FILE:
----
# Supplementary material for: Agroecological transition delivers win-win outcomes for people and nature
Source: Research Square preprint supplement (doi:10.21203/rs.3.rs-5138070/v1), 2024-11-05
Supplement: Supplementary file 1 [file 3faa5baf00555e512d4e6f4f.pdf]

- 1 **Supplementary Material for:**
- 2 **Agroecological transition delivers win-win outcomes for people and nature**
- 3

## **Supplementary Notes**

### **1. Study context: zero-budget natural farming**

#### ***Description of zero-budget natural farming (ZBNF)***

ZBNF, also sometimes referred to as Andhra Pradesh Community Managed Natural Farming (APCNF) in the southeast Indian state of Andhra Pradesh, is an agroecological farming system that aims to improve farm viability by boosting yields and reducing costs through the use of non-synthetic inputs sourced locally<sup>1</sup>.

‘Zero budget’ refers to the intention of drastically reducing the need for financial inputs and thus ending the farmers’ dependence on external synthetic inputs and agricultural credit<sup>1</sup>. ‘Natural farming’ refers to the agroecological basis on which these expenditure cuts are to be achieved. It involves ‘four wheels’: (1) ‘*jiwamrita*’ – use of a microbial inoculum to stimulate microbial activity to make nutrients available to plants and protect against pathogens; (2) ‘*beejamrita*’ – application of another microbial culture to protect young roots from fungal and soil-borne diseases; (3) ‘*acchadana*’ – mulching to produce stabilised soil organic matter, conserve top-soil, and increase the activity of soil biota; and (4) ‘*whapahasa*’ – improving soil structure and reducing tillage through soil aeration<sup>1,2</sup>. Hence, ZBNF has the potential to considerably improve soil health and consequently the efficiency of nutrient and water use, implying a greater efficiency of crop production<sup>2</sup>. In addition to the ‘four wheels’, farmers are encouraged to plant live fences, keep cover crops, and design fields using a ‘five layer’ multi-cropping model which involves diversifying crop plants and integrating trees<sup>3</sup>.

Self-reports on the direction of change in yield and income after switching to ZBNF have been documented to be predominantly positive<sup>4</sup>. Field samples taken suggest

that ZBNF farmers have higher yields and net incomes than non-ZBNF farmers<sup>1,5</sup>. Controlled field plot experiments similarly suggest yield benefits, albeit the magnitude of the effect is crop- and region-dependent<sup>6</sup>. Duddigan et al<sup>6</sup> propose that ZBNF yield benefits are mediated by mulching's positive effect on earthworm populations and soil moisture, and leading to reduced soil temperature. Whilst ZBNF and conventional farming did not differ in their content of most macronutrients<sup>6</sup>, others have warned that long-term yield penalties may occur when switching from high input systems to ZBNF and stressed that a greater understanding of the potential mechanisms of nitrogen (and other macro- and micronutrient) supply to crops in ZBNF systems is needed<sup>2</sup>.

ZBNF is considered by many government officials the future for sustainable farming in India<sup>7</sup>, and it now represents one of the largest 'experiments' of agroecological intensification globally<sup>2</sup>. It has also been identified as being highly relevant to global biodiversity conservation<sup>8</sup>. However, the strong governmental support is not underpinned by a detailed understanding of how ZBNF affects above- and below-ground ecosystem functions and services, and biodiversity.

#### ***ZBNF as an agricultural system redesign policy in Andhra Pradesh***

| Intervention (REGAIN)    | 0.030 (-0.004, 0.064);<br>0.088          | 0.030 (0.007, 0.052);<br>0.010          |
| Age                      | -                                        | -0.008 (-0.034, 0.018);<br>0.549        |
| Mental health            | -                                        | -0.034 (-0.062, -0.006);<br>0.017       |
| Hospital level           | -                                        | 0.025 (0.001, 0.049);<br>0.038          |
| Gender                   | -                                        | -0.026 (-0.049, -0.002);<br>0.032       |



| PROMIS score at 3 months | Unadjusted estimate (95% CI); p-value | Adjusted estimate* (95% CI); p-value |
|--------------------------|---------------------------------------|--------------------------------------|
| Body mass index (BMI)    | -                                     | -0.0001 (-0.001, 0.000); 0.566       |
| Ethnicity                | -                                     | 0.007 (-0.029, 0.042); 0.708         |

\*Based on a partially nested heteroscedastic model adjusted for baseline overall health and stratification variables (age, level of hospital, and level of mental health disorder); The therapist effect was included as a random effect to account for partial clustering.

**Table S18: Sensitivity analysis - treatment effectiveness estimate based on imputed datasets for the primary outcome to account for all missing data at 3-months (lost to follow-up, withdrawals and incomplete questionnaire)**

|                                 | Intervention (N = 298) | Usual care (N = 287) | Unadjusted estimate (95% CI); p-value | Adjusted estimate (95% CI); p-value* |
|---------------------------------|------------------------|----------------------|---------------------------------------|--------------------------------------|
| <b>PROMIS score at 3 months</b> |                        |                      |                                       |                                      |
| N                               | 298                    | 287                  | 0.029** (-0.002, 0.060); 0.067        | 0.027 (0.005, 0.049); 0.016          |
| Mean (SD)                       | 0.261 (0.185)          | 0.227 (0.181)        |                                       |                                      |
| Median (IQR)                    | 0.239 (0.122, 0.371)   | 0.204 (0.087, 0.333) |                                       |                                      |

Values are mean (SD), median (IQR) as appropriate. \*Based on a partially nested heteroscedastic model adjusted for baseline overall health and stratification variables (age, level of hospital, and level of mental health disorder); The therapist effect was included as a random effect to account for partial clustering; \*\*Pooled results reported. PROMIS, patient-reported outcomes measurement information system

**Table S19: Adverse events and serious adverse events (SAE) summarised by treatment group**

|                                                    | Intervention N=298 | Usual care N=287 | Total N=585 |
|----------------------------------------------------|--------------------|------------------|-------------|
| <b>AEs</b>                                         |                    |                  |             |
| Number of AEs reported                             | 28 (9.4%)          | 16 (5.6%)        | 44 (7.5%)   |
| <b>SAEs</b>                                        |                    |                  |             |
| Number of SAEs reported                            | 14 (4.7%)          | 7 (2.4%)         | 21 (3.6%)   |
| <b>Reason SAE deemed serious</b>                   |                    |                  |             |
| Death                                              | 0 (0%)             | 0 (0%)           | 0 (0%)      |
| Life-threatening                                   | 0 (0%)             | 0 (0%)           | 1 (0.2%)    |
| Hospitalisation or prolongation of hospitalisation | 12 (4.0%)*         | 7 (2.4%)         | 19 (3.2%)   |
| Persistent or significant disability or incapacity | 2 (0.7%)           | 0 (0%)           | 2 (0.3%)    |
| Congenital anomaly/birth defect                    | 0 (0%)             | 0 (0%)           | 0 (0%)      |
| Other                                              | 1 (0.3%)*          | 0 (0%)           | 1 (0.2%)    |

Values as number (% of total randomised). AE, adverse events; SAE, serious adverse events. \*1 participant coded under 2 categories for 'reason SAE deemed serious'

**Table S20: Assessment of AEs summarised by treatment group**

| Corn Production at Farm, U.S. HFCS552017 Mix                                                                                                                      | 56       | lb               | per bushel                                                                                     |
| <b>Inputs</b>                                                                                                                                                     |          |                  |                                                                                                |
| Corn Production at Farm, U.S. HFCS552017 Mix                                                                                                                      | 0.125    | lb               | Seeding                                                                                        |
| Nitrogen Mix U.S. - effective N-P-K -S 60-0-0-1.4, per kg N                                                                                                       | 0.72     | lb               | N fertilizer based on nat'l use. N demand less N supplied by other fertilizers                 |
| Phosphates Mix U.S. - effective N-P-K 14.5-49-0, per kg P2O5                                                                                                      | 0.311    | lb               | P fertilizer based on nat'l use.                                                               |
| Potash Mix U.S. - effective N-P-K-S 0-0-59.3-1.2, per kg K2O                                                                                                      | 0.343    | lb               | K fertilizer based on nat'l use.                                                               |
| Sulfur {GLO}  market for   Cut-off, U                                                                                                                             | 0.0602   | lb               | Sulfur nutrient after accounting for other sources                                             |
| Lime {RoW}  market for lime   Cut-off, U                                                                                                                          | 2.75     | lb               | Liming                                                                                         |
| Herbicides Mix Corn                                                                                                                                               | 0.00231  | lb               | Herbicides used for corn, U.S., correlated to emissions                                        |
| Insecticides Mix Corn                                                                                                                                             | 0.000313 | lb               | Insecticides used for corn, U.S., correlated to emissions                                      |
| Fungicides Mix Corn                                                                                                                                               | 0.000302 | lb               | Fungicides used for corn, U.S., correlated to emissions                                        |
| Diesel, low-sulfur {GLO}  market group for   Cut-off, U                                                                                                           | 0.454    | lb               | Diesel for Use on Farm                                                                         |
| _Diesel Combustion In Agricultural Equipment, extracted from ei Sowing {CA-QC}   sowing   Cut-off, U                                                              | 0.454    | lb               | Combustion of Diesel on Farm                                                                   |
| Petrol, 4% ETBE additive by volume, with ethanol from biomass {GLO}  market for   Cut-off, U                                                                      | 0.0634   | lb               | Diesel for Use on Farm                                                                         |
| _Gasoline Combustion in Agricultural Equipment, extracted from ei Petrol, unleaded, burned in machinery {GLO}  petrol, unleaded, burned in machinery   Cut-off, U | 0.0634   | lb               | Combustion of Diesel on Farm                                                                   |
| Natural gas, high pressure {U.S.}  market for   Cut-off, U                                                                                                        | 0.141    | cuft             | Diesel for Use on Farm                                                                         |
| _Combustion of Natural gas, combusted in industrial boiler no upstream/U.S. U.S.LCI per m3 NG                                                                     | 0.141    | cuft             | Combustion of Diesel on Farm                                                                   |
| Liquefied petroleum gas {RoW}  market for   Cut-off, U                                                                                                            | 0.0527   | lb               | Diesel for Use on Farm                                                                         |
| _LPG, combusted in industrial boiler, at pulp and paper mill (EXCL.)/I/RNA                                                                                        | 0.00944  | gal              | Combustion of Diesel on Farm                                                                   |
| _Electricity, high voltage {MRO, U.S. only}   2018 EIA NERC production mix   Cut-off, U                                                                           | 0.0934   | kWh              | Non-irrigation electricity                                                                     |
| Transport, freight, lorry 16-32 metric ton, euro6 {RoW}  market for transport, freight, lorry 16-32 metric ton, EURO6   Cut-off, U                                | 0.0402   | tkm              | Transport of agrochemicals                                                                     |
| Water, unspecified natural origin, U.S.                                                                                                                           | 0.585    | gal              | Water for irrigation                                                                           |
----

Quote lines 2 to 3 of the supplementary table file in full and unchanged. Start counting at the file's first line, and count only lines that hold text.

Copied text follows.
Source: Research Square preprint supplement (doi:10.21203/rs.3.rs-5138070/v1), 2024-11-05
Supplement: Supplementary file 1 [file 3faa5baf00555e512d4e6f4f.pdf]